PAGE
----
Google Desktop Search Goes Corporate

Google, which has won the hearts and minds of millions of Web surfers with its Internet search capabilities, is seeking a home in the workplace.

Barbara Darrow, Contributor

May 20, 2005

2 Min Read

It was bound to happen.

Google, which has won the hearts and minds of millions of Web surfers with its Internet search capabilities, is seeking a home in the workplace.

And Dave Girouard, general manager of Google's enterprise business, said the company "absolutely" plans to include third-party integrators in this push.

Google, Mountain View, Calif., is building an environment "where creative individuals and service-oriented companies can take our corporate search technology to places we haven't even thought of. We would like to make [our products] available to customers in as many ways as possible," he said.

Last week, Google Desktop Search added the ability to search Lotus Notes contents through a deal with IBM Lotus Software. It was already capable of handling Microsoft Word, Excel and PowerPoint, as well as PDF files and AOL Instant Messenger chat archives.

While the software remains free, many observers see this latest move as an important foray into business accounts, where Google already offers a search appliance and its Mini search service for small and midsize companies.

"While [Google is] obviously used by people in enterprises, it's mostly used by consumers, so the first desktop product was targeted at consumer use. Now, they're launching an evolution of the product with enterprise capabilities," said Sean Poulley, vice president of business development at IBM Lotus, which partnered with Google to create the Notes search capability.

Anyone who thinks Google cannot be a factor in the enterprise software market should think again, said Stewart Bloom, CEO of GERS Retail Systems, an ISP in San Diego. "They have tremendous credibility. They haven't missed a beat in delivering their services and making good decisions with their post-IPO capital," he said. "They are positioned to provide value through the management of information. At the enterprise level, the analogy is to instant messaging, which moved quickly from being a consumer toy to being a legitimate tool within companies."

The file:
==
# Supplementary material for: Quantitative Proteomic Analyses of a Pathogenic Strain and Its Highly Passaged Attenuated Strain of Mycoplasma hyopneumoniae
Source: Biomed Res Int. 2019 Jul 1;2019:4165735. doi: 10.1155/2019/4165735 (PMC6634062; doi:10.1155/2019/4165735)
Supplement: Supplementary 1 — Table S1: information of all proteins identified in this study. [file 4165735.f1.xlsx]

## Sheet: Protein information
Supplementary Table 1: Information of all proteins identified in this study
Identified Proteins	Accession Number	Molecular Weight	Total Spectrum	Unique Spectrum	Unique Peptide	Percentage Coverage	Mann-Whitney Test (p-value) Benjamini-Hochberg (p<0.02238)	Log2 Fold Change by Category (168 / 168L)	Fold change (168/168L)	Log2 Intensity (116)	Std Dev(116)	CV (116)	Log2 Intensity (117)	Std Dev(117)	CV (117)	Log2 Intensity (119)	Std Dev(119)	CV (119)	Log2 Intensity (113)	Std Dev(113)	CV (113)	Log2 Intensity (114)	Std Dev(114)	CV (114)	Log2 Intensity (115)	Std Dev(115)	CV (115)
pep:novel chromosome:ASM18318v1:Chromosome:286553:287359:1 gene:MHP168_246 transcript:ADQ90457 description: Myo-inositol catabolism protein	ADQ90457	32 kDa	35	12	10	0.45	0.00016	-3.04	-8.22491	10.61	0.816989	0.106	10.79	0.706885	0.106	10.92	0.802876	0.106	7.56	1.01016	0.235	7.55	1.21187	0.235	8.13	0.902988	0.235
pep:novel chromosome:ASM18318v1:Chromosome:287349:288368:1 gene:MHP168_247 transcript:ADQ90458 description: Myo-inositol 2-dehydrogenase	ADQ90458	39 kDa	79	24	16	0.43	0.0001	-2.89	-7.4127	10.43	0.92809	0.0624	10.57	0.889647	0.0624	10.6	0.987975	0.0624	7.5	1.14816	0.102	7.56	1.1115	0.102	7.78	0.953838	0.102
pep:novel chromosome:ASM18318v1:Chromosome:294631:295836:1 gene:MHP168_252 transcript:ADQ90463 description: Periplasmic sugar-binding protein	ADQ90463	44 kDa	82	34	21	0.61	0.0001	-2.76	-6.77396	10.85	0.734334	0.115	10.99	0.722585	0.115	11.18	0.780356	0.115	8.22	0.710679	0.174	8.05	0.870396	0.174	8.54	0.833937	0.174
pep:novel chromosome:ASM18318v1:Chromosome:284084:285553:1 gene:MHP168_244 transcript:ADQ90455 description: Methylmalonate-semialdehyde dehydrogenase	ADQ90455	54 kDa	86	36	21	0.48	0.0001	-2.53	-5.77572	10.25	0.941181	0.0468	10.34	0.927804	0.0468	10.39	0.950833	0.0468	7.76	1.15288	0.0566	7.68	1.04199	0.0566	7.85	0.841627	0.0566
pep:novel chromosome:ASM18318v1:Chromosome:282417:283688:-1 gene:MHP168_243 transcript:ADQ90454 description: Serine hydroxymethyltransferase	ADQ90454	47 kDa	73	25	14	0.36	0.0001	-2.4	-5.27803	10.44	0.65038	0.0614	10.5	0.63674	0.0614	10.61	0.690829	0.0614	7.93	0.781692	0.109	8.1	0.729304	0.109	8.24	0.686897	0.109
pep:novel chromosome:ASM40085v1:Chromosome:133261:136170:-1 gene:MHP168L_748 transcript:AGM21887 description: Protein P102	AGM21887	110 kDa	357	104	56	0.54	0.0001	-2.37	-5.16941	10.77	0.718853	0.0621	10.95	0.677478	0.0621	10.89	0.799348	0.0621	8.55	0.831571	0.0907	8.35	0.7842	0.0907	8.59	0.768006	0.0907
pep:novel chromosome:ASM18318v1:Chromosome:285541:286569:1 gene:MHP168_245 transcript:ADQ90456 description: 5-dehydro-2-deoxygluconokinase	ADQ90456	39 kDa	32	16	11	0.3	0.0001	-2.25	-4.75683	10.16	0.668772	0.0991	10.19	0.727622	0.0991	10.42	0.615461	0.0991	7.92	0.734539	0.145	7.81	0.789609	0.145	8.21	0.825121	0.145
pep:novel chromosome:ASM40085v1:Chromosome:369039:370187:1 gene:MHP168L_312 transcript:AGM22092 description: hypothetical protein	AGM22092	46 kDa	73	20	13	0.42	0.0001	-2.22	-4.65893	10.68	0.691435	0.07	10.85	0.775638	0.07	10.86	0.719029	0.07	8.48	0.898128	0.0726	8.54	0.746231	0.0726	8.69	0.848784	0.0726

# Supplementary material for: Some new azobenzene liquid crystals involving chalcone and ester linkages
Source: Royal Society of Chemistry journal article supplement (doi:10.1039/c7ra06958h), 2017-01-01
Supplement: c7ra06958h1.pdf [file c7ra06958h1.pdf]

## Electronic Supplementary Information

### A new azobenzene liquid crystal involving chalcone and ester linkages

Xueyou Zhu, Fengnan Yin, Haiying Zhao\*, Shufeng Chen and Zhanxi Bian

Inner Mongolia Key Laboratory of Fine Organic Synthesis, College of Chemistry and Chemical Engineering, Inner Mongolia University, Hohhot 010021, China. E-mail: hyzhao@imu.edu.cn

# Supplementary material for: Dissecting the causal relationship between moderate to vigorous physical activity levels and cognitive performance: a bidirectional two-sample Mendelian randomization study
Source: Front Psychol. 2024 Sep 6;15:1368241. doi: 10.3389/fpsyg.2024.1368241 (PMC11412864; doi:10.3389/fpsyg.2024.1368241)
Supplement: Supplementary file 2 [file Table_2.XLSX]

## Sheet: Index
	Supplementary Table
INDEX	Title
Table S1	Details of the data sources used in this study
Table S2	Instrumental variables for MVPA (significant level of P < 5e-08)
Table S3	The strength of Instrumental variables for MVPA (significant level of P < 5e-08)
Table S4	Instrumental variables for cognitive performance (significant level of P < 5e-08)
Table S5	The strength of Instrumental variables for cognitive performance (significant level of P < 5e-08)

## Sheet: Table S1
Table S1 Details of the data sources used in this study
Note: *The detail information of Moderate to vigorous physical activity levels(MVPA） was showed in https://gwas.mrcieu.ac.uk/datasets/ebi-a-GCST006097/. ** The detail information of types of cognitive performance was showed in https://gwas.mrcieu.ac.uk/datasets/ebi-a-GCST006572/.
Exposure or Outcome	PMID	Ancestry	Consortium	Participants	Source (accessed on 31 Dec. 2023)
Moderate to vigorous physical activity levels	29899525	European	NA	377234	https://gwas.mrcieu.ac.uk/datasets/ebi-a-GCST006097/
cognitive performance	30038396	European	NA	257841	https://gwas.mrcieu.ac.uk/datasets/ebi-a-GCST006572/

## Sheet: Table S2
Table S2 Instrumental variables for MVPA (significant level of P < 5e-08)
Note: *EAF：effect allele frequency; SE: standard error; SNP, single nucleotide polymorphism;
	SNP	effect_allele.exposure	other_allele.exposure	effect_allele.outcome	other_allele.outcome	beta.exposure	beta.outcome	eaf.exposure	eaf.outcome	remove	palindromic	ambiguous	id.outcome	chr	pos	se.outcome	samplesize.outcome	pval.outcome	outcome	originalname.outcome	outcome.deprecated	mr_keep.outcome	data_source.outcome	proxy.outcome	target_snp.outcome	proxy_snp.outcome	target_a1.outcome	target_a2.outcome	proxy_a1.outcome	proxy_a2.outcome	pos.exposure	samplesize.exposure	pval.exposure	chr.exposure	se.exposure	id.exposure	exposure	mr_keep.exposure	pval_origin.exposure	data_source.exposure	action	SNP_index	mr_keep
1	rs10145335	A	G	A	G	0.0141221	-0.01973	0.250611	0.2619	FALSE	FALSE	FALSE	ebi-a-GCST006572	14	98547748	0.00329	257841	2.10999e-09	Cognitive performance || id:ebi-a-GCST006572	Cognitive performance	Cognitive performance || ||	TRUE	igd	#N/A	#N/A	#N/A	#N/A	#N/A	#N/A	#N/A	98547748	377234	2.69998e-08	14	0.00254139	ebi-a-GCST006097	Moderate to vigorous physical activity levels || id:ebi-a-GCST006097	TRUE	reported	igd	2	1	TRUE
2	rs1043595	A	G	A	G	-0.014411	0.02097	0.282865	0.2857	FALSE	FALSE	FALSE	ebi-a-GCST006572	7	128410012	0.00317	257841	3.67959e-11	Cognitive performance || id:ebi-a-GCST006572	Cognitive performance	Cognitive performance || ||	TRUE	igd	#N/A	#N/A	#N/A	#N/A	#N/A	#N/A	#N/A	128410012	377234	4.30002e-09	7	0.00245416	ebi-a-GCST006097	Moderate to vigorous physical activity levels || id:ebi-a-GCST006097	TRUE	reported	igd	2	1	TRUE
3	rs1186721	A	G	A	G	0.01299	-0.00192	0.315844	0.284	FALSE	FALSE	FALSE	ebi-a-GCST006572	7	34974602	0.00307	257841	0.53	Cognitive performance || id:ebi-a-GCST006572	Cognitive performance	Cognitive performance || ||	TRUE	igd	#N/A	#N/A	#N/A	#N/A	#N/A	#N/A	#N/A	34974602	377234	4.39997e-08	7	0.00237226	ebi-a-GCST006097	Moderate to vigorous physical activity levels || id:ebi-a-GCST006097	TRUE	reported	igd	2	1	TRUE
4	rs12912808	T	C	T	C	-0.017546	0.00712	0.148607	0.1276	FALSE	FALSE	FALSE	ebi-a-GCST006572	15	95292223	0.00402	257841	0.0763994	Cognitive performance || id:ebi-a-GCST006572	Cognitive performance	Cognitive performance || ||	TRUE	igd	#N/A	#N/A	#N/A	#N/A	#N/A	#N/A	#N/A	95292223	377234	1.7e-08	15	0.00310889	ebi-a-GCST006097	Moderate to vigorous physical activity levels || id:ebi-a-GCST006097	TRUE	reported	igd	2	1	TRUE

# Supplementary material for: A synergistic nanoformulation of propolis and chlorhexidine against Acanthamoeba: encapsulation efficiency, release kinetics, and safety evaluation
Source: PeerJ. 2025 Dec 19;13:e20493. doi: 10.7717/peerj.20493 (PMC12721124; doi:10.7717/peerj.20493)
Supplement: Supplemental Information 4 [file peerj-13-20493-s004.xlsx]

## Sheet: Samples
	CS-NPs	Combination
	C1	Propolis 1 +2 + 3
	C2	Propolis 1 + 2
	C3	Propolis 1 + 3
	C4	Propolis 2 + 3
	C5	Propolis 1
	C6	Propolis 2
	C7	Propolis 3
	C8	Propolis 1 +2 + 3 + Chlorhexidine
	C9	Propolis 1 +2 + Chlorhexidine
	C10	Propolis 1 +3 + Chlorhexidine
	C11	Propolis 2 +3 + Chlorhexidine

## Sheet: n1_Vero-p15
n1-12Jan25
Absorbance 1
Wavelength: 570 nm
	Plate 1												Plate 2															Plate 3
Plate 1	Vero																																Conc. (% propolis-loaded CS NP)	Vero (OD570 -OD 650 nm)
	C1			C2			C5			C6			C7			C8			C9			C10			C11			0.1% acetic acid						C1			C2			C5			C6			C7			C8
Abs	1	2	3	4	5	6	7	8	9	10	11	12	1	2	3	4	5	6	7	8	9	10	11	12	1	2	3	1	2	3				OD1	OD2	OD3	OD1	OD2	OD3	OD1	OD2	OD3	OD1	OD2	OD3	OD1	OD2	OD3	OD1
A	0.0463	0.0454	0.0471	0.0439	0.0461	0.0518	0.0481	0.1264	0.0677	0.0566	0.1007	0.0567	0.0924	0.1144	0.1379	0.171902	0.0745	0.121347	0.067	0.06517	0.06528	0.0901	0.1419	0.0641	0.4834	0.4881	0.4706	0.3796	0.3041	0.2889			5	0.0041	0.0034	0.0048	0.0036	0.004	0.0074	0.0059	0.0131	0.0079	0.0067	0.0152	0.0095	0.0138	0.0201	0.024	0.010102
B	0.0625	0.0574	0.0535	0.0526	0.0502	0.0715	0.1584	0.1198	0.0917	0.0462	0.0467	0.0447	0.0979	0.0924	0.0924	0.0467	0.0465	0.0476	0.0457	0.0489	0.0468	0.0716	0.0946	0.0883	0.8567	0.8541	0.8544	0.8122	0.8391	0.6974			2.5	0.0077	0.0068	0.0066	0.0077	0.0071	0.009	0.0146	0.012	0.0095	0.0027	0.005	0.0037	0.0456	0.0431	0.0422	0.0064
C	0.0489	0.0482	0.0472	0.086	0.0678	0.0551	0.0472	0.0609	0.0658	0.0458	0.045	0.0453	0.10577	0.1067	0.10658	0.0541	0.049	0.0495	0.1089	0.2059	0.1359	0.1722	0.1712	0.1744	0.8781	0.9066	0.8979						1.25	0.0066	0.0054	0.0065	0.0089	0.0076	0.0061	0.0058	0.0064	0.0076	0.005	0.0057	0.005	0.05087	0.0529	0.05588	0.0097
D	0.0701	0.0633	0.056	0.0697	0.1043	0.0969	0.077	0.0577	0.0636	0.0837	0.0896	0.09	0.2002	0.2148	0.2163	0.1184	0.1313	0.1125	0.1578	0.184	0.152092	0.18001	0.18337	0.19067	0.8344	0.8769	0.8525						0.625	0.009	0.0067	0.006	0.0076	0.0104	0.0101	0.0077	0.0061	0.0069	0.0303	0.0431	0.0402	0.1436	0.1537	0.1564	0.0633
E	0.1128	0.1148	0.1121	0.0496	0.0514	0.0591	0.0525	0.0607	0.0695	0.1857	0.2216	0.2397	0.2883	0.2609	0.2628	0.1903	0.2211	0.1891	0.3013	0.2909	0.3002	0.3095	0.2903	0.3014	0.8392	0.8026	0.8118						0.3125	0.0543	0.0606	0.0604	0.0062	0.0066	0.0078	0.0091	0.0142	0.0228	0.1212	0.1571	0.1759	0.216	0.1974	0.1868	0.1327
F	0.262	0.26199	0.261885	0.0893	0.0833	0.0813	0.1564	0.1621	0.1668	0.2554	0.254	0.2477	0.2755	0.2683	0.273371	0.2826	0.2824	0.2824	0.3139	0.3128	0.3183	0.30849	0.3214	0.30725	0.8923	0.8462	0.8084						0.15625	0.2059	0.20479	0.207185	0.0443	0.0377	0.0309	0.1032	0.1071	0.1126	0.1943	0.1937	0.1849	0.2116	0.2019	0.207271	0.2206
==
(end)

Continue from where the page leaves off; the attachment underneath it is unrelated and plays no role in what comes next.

Like instant-messaging applications, though, Google's goods must be compliant with existing security and management infrastructure, he said.

It is clear that both Google and IBM Lotus see their alliance as a source of strength vs. Microsoft, which is diving headfirst into Internet and business search.

By some accounts, Microsoft has supplanted IBM Lotus as the largest provider of corporate e-mail systems. But longer term, Google could parlay expertise from its free Gmail service into a business offering, Bloom and others said. For many companies, outsourcing e-mail is the way to go, he said.

Some watchers doubt that Google, which has succeeded spectacularly offering software direct to users "gets" the channel.

But Google CEO Eric Schmidt spent years at Novell and Sun Microsystems. "[These are] both heavy channel companies. He gets it," said Rob Wolfe, president of AvcomEast, a VAR in Silver Springs, Md.

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